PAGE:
As Willie Wonka invented a 'hot ice cream for cold days' so the boffins at T & M have devised the teeny, tiny Buddleja 'Buzz'. It grows to no more than four feet, yet flower spikes are comparatively large. As these plants are sterile, the question was raised about its usefulness as a source of nectar for pollinators. There is proof in the photo below, and I know that they attract butterflies as much as their larger siblings, as I have four baby Buzzes in my own garden which are pollinator magnets. New introduction is 'Buzz Indigo', with dark, purplish blue flower spikes.

'Square sweets that look round' figure in 'Charlie and the Chocolate factory', whereas T & M have magically shrunk down a Eucomis to cute Patio size. Called, erm, 'Eucomis Patio Collection' they would sit happily in pots, or at the front of the border. I think they could be a useful addition to the family.

As Willie Wonka invented edible marshmallow pillows, so T & M continue on their quest for the Holy Grail of the vegetable world, varieties which are attractive in their own right, as well as edible.  Chilli 'Loco' (below) ticks lots of boxes, as it is certainly attractive with its bushy, compact habit and its purple chillies which are highly ornamental. It was growing outside and was clearly happy to be out in the elements. But how does it taste ? The jury is out on that one ! It was described by Kris  as being mild in flavour, but when eaten raw, packed quite a kick (as testified by certain members of the group!) Clearly its impact will change after cooking.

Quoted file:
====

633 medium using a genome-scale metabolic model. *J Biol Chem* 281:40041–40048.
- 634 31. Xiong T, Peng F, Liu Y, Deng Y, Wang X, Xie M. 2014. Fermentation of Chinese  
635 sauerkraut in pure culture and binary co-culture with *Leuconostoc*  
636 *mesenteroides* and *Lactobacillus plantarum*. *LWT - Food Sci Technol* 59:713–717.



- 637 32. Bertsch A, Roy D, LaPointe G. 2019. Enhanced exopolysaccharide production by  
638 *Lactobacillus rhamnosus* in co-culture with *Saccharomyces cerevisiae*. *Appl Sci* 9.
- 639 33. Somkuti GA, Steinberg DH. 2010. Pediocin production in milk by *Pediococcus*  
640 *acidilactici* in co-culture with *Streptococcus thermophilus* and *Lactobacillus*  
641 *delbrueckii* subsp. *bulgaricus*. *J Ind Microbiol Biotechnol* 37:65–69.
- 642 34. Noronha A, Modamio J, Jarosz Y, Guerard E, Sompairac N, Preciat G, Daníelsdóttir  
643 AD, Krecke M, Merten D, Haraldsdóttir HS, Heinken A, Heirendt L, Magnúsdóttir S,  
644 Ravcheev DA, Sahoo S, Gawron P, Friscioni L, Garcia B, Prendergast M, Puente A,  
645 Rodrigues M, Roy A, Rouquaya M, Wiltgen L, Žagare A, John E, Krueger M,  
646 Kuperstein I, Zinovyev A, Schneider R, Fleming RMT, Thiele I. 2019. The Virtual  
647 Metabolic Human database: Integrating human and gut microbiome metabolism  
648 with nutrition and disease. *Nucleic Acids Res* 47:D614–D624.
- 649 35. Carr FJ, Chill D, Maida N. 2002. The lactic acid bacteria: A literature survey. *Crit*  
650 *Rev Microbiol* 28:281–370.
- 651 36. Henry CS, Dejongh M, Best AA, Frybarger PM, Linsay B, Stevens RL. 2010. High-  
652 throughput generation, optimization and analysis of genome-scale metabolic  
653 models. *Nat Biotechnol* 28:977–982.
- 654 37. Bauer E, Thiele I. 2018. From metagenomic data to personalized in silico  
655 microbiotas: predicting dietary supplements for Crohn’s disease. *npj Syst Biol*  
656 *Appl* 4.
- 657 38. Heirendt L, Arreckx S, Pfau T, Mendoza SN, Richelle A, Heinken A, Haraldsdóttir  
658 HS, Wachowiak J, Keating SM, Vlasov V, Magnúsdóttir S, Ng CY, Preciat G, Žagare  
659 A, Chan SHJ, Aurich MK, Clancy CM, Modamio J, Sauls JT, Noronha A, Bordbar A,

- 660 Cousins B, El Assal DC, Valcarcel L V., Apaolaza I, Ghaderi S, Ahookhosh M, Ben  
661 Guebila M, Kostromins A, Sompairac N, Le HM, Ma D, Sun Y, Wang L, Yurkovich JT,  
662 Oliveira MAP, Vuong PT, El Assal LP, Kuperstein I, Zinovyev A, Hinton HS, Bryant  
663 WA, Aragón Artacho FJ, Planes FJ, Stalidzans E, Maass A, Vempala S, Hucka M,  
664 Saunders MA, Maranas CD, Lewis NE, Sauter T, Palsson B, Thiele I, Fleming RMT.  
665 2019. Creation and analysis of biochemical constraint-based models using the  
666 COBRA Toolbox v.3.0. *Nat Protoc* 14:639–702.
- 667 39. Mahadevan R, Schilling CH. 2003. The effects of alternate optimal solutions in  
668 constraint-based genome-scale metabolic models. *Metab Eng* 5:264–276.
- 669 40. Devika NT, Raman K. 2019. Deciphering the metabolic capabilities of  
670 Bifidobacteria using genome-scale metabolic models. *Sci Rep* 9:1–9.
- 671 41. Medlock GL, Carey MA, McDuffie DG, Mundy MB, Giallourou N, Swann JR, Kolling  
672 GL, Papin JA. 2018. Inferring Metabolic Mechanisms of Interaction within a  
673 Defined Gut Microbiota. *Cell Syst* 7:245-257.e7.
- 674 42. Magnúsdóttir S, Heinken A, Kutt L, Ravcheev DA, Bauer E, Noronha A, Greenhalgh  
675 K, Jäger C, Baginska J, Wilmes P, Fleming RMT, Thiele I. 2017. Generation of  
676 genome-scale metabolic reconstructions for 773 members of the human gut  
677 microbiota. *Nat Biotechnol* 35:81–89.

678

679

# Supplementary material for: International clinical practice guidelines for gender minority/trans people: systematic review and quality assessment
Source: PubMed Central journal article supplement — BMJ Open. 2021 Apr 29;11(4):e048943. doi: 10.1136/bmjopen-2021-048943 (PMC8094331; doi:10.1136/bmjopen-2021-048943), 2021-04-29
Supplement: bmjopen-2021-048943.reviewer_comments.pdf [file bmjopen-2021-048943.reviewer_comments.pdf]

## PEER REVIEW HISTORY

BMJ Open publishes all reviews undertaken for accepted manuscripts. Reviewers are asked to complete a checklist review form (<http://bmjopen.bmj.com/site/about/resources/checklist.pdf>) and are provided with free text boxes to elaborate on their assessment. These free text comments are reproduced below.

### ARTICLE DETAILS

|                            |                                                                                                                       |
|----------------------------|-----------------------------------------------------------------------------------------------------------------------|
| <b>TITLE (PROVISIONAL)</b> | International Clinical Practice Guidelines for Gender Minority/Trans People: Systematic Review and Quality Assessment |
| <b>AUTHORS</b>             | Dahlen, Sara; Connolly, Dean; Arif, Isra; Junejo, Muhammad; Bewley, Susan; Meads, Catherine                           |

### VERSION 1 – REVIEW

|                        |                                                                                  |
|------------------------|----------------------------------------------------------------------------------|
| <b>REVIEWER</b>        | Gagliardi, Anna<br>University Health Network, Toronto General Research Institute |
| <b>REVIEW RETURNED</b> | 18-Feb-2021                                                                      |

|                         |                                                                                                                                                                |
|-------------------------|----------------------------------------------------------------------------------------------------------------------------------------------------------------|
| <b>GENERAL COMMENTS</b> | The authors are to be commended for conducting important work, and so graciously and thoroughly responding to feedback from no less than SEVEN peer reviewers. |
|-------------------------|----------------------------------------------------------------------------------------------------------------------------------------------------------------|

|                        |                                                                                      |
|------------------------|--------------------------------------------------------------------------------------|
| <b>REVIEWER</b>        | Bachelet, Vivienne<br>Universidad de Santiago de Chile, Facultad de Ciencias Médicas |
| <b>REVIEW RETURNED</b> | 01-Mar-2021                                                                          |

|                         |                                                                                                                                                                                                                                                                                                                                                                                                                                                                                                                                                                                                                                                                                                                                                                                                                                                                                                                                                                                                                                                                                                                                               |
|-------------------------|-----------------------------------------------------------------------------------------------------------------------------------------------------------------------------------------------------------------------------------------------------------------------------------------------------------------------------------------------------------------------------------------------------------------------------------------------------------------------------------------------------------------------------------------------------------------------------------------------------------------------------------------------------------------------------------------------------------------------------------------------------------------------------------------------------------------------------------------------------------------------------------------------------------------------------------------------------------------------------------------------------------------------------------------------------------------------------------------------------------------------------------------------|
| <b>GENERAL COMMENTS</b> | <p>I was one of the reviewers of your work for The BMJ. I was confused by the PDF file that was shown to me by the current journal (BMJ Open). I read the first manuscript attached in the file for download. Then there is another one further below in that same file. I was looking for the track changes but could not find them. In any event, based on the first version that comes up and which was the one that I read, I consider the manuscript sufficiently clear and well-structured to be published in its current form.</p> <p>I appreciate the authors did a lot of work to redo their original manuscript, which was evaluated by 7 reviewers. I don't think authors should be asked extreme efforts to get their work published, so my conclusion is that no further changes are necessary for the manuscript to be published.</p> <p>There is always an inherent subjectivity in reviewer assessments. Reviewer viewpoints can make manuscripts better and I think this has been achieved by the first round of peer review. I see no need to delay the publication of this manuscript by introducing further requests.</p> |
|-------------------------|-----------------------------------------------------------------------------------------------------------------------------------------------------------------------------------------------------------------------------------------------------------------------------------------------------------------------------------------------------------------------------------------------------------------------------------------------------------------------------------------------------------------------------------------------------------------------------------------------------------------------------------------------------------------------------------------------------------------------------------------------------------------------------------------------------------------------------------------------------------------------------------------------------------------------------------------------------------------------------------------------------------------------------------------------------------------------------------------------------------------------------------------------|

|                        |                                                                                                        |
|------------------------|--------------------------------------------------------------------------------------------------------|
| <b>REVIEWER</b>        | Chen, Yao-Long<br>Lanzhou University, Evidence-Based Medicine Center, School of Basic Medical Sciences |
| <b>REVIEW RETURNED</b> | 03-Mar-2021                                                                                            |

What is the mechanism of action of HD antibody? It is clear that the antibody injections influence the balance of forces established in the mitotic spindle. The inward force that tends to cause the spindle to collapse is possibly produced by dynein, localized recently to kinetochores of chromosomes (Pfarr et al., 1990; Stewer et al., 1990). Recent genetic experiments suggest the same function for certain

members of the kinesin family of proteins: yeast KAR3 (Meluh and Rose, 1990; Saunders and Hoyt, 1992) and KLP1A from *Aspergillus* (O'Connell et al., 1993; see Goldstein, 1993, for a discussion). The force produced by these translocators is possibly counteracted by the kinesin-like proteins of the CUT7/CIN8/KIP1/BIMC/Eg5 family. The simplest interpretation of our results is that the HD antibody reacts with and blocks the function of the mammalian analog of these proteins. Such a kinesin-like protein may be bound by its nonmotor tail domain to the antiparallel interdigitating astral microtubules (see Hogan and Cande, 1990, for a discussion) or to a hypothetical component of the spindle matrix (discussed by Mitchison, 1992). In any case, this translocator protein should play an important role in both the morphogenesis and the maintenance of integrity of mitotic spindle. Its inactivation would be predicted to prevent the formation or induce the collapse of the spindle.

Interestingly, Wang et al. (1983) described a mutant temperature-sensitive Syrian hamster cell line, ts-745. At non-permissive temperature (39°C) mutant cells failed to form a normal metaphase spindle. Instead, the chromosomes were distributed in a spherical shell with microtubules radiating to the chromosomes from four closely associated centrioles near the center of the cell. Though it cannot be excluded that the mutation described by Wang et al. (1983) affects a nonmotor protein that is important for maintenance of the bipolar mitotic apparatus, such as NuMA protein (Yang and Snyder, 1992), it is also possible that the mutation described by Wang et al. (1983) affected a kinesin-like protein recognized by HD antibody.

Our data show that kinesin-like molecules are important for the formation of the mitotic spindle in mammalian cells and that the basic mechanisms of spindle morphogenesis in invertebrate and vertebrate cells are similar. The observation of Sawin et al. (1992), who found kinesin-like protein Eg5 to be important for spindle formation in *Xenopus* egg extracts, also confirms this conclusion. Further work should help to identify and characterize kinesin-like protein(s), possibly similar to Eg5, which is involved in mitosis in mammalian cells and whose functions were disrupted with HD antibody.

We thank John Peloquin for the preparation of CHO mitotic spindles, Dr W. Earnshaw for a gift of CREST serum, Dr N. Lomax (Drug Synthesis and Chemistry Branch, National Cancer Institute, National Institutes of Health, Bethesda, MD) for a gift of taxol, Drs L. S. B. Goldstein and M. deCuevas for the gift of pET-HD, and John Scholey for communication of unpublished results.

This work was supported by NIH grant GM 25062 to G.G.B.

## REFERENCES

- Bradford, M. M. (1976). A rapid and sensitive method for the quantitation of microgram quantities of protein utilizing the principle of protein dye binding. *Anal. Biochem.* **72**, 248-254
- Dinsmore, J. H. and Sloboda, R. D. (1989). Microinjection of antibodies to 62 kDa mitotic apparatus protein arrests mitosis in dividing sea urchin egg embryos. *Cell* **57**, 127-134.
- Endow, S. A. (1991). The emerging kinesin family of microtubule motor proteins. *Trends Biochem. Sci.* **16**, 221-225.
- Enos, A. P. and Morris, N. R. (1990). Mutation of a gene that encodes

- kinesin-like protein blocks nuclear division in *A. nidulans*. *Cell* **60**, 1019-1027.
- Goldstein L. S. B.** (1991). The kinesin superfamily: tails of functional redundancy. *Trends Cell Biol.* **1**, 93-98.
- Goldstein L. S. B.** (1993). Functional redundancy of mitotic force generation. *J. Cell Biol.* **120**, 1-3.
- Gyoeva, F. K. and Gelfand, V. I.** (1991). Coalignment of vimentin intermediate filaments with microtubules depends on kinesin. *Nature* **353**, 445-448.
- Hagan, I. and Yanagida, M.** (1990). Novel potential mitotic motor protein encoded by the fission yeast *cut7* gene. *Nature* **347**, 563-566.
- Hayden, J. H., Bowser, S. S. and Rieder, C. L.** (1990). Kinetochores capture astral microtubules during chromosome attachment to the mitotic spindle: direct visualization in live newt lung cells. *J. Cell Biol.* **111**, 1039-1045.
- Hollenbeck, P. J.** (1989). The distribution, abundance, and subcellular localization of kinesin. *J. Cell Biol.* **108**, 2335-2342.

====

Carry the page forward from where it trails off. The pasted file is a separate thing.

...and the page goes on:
Willie Wonka gave us chewing gum that never loses its flavour, whilst T & M gave us the magnificently named Petunia 'Johnny Flame'. The name alone sold me, as it could be the name of a frontman in a retro rock 'n roll band. It is definitely rain resistant, as the photo shows it after very heavy downpours, and it has the most beautiful velvety flowers. It is one I will definitely be growing next year.

And the 'TomTato' ... the plant which produces tomatoes AND potatoes well, there must be a bit of Willy Wonka magic going on there ...